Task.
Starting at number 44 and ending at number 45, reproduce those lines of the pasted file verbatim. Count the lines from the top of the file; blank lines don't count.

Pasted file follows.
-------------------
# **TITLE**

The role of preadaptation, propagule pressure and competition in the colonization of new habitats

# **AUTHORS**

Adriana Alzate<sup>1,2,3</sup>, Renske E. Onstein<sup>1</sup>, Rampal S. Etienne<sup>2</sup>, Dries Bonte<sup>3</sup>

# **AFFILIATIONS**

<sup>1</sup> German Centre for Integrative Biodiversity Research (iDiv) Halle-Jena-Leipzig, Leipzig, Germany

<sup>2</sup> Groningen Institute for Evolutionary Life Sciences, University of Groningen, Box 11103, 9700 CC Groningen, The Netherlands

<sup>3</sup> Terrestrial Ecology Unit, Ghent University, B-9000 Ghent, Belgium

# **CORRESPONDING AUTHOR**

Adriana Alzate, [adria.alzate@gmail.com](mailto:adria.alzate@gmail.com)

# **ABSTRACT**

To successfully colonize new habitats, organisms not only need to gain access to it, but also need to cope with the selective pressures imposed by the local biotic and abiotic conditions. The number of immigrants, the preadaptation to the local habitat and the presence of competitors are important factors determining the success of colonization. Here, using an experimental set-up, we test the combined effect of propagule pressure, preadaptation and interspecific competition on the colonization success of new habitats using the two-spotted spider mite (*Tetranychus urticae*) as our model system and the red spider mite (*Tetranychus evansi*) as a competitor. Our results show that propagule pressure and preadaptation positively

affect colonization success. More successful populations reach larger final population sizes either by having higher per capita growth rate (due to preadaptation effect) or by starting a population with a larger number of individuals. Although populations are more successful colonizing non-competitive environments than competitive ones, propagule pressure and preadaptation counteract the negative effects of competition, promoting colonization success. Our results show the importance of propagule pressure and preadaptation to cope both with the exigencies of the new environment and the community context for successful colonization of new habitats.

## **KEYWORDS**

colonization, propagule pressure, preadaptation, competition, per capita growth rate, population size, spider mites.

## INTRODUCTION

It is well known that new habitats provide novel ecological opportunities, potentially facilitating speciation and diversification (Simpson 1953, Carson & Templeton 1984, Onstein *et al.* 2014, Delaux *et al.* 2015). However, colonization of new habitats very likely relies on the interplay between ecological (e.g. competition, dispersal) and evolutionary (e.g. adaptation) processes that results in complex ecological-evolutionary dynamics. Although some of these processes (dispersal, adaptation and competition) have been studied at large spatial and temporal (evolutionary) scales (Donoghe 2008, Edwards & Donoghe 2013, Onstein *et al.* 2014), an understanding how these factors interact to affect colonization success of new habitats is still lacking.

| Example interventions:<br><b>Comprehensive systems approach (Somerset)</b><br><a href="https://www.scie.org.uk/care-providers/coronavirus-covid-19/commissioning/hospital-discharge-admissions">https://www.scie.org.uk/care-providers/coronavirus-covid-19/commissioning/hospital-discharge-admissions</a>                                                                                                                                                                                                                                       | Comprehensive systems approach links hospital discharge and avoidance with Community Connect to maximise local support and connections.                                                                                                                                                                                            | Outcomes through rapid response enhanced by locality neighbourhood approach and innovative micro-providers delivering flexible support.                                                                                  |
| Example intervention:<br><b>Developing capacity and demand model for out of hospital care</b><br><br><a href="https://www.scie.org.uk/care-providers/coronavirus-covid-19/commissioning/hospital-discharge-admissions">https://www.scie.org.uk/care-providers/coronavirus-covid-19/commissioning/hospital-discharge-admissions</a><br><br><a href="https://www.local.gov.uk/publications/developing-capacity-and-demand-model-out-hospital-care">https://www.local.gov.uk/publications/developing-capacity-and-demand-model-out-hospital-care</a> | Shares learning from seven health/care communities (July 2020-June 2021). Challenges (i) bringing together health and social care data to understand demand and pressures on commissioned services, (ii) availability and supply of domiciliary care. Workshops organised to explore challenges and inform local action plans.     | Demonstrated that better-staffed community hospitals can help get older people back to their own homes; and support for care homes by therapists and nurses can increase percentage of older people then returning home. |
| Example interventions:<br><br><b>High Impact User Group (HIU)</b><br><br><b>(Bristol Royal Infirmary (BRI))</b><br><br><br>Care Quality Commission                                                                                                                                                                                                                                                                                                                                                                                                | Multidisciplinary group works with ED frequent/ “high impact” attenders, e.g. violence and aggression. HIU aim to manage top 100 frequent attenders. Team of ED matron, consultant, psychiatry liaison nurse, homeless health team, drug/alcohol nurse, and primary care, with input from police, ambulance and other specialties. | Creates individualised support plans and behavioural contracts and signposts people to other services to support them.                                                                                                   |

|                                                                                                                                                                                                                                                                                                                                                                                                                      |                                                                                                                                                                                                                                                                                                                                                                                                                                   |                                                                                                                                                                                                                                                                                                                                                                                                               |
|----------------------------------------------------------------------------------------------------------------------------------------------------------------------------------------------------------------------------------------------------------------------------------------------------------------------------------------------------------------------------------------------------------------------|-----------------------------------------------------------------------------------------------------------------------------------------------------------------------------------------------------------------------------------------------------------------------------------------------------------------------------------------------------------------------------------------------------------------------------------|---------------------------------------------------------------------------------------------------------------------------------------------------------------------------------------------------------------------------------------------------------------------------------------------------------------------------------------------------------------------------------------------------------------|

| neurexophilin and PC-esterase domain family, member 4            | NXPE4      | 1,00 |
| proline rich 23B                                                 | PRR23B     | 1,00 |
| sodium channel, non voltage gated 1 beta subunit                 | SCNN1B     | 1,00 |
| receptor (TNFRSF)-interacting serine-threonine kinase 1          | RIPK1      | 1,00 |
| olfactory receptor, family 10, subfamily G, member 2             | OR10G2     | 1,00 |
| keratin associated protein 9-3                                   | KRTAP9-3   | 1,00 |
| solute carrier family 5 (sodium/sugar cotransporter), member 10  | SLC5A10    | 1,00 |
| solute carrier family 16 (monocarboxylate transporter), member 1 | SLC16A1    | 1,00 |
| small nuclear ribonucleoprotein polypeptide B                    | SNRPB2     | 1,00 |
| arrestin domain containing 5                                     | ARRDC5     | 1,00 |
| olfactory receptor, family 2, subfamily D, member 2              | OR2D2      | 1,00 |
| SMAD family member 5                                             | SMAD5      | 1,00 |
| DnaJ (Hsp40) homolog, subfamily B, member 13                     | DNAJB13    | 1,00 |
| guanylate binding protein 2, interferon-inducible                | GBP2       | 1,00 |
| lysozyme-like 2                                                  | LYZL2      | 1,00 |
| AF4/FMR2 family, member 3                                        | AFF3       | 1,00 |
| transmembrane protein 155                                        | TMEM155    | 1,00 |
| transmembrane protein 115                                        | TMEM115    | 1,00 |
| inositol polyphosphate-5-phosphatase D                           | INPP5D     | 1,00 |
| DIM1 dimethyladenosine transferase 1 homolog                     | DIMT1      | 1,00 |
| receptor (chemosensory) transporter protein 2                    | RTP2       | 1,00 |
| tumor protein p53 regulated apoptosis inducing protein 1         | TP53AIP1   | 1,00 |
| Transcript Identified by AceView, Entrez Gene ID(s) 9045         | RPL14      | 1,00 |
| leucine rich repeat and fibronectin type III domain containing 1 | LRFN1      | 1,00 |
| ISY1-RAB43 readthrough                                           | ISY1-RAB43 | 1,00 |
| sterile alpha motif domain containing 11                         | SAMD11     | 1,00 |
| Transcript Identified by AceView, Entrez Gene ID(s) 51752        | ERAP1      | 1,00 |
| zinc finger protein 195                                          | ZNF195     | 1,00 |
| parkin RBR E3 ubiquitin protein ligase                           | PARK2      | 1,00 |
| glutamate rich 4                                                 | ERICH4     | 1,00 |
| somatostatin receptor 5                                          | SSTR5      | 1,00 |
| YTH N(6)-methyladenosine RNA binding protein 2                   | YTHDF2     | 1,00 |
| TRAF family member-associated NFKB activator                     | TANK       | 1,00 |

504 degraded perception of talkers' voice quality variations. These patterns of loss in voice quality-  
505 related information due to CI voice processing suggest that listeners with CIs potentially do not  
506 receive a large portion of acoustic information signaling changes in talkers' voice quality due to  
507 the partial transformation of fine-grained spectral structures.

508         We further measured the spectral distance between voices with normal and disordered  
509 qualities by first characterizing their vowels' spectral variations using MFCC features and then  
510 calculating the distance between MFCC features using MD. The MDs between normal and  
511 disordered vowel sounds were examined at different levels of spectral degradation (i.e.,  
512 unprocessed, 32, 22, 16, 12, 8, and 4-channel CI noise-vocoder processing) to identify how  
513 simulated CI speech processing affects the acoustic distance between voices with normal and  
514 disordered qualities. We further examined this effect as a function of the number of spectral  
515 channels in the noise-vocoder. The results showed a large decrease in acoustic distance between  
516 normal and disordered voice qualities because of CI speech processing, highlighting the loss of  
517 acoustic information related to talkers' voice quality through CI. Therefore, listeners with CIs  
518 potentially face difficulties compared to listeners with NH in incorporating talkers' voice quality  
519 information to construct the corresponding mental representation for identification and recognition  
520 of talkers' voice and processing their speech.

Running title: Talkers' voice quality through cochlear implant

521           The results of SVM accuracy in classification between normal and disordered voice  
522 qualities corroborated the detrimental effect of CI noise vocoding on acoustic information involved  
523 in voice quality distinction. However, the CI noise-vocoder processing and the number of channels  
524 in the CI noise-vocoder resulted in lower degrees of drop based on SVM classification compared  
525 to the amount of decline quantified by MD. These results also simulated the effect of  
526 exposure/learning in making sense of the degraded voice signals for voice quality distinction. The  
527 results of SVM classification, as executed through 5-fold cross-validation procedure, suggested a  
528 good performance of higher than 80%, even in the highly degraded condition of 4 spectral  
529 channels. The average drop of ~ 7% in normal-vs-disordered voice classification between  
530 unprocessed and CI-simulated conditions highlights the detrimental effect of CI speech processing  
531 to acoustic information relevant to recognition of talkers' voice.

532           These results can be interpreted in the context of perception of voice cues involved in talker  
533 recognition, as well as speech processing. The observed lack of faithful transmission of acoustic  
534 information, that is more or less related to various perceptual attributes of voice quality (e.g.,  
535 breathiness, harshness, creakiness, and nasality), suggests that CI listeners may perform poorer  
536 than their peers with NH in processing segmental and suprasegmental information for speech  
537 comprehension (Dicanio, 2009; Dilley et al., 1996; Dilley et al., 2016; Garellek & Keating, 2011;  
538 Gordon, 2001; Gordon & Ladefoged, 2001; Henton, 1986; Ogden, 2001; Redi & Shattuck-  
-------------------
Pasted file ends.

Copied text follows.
| tumor protein p53 regulated apoptosis inducing protein 1         | TP53AIP1   | 1,00 |
| Transcript Identified by AceView, Entrez Gene ID(s) 9045         | RPL14      | 1,00 |